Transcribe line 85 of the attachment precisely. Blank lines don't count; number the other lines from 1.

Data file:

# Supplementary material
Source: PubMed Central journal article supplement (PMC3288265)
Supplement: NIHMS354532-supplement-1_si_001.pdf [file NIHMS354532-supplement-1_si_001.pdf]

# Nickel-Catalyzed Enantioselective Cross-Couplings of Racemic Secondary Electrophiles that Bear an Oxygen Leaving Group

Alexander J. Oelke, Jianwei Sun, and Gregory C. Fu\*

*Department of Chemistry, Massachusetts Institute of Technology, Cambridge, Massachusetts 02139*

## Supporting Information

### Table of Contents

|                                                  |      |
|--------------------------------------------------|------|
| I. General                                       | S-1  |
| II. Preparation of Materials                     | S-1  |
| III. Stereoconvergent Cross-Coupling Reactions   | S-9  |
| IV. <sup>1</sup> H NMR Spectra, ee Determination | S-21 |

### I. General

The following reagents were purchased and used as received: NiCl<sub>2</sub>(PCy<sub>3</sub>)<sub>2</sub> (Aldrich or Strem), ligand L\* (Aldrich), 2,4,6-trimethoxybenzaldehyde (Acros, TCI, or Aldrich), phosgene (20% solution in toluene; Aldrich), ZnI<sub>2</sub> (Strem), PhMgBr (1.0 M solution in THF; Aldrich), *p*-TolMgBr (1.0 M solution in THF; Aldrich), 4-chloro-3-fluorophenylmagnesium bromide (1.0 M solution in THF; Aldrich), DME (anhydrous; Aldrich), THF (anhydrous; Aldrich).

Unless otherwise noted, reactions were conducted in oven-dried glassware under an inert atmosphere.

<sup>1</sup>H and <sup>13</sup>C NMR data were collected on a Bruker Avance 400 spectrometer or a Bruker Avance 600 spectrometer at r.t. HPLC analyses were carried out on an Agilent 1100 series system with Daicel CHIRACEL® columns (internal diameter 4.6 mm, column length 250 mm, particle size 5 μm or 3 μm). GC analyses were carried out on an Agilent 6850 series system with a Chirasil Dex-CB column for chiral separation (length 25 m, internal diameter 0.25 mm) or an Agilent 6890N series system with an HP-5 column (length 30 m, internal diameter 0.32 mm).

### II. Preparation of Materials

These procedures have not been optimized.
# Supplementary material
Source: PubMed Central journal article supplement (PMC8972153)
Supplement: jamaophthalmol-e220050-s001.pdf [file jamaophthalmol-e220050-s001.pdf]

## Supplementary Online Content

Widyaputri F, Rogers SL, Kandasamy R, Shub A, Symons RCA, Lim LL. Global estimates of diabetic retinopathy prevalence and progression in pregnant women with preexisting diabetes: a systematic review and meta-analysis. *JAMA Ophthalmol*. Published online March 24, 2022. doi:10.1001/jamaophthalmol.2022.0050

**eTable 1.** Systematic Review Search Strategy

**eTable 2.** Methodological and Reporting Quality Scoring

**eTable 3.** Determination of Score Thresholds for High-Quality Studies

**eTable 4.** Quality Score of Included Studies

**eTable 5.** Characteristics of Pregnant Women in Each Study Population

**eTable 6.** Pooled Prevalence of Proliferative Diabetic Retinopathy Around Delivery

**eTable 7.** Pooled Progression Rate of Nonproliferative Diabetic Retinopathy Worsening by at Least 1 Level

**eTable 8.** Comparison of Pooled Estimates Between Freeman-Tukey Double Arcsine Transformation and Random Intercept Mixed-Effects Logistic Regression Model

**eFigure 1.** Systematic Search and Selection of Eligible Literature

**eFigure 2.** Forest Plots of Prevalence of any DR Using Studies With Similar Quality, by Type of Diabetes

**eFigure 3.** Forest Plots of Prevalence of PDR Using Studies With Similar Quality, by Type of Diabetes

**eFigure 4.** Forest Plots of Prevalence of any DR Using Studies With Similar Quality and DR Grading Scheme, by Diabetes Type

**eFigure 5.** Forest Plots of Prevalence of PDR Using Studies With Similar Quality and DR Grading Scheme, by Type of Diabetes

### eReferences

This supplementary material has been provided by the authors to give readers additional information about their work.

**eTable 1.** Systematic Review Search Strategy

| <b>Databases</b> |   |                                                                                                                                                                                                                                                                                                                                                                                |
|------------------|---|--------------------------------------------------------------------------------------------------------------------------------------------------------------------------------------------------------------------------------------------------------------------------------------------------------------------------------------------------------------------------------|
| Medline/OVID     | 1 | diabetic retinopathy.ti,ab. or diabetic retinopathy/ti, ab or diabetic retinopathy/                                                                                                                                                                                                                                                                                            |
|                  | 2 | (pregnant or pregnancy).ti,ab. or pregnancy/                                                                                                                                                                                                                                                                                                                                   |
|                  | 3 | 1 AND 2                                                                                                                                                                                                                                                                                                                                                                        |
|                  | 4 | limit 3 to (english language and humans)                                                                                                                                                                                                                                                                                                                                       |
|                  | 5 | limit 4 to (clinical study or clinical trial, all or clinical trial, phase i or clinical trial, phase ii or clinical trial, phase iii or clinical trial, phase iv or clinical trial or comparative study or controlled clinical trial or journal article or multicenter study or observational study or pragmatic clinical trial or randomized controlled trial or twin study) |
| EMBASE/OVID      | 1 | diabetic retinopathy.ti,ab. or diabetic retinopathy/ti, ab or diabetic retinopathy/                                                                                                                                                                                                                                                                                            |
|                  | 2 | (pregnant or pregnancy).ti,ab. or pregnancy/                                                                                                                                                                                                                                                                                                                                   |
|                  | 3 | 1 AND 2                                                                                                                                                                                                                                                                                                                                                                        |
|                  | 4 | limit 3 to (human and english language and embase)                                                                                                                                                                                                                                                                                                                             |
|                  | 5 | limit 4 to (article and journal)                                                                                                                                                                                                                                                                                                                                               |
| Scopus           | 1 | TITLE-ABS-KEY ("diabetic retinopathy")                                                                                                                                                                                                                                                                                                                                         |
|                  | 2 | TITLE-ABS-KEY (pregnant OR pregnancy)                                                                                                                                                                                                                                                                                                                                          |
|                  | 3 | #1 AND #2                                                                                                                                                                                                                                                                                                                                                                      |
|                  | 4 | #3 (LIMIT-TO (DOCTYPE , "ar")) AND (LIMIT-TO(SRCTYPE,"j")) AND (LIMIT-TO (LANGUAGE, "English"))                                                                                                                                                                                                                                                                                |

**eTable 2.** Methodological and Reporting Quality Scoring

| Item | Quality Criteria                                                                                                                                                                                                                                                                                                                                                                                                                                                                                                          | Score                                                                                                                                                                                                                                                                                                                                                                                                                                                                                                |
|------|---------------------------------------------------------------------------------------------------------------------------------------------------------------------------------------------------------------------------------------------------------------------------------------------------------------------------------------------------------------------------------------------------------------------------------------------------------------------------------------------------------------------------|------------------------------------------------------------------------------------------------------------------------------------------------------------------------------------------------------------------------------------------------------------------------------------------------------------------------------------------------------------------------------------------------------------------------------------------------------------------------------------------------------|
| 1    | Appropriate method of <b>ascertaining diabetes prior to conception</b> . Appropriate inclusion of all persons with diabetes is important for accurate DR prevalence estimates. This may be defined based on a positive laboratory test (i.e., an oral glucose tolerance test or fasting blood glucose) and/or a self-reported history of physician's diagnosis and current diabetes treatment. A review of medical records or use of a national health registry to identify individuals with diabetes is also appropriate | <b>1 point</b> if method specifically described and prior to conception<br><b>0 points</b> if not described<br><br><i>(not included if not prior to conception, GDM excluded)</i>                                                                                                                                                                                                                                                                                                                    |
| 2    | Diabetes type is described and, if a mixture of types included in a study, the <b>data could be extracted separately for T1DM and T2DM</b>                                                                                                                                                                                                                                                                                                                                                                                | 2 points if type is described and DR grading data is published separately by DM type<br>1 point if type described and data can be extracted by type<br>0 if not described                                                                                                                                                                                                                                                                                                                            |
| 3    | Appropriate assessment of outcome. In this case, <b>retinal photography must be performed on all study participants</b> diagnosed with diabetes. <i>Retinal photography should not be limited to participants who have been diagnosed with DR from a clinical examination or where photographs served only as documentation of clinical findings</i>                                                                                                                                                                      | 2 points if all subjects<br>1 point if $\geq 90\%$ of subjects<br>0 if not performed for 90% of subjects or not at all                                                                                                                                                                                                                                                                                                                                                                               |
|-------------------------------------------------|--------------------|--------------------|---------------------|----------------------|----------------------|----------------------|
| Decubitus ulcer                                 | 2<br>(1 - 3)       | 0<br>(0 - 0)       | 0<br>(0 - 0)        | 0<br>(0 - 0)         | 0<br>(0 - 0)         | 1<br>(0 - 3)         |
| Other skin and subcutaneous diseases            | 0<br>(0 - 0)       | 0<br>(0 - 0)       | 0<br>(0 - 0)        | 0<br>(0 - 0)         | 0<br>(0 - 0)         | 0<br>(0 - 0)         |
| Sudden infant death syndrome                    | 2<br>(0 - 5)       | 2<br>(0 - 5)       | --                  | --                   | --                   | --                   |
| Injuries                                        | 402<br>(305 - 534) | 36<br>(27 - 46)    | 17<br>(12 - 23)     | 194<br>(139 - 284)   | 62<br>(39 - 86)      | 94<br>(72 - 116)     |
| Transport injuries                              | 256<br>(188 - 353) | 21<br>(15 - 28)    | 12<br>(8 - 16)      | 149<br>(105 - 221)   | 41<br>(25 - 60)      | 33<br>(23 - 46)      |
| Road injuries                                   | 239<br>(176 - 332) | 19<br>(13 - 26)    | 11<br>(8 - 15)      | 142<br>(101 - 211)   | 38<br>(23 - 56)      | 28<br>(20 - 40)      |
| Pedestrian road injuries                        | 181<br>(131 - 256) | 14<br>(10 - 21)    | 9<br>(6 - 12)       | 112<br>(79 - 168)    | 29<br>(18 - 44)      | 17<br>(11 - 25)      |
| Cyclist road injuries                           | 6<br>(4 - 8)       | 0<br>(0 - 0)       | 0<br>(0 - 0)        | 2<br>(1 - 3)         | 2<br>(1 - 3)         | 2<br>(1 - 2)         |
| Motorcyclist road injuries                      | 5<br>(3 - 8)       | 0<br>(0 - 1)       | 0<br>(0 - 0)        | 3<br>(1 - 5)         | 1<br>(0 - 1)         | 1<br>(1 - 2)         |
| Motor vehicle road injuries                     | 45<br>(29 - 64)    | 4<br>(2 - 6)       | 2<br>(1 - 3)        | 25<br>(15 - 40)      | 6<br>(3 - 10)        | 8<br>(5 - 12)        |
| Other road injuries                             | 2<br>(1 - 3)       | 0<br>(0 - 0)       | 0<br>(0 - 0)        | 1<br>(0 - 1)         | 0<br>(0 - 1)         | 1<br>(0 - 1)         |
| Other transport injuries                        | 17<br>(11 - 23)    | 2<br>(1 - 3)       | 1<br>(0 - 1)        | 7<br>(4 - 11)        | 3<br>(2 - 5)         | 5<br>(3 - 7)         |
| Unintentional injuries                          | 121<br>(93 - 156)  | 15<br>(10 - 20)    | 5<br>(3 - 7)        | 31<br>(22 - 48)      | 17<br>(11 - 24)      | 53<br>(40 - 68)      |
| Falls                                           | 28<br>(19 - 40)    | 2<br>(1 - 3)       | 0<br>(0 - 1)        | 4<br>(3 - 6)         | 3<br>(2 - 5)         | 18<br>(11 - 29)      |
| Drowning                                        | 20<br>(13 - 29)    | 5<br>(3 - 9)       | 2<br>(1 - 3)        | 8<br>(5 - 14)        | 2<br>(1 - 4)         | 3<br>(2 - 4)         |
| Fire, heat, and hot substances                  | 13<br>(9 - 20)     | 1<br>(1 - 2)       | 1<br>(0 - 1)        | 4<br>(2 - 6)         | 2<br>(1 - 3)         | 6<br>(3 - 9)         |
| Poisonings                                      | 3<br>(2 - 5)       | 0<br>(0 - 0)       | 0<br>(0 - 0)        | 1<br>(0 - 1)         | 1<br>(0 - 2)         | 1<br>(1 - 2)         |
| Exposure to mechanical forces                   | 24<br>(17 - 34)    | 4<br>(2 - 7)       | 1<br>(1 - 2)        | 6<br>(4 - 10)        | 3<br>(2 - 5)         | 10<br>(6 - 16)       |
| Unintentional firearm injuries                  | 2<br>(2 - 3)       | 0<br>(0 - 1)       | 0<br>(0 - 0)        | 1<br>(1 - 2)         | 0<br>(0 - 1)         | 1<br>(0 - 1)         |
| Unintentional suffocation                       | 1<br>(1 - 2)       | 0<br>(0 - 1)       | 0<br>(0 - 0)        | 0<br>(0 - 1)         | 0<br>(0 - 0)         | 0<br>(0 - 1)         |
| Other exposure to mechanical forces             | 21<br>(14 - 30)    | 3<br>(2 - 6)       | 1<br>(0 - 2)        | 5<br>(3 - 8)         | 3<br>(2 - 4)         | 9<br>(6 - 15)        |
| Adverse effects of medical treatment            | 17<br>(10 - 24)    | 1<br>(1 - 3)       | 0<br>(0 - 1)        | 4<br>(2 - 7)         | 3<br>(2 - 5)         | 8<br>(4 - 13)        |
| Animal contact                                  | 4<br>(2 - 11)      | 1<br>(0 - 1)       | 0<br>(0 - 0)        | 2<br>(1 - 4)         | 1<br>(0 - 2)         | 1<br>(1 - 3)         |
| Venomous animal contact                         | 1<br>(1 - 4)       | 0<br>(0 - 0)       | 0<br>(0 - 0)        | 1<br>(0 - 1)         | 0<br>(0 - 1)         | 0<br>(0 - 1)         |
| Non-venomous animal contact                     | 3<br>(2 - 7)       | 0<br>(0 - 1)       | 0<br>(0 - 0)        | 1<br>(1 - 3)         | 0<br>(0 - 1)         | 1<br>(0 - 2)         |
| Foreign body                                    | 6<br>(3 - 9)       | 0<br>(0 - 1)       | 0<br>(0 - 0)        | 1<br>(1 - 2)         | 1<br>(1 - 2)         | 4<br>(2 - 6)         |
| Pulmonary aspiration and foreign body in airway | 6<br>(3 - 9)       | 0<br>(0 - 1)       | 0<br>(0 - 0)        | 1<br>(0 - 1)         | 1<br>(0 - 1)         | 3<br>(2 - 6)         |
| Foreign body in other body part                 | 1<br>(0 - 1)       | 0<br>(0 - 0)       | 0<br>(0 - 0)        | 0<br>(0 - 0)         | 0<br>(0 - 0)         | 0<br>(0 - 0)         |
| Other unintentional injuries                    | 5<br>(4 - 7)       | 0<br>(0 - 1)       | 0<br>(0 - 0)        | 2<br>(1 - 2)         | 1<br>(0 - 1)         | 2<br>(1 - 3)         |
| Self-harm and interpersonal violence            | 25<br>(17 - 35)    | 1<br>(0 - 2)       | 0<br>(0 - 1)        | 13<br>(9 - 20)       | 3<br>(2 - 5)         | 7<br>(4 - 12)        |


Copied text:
| Other exposure to mechanical forces             | 21<br>(14 - 30)    | 3<br>(2 - 6)       | 1<br>(0 - 2)        | 5<br>(3 - 8)         | 3<br>(2 - 4)         | 9<br>(6 - 15)        |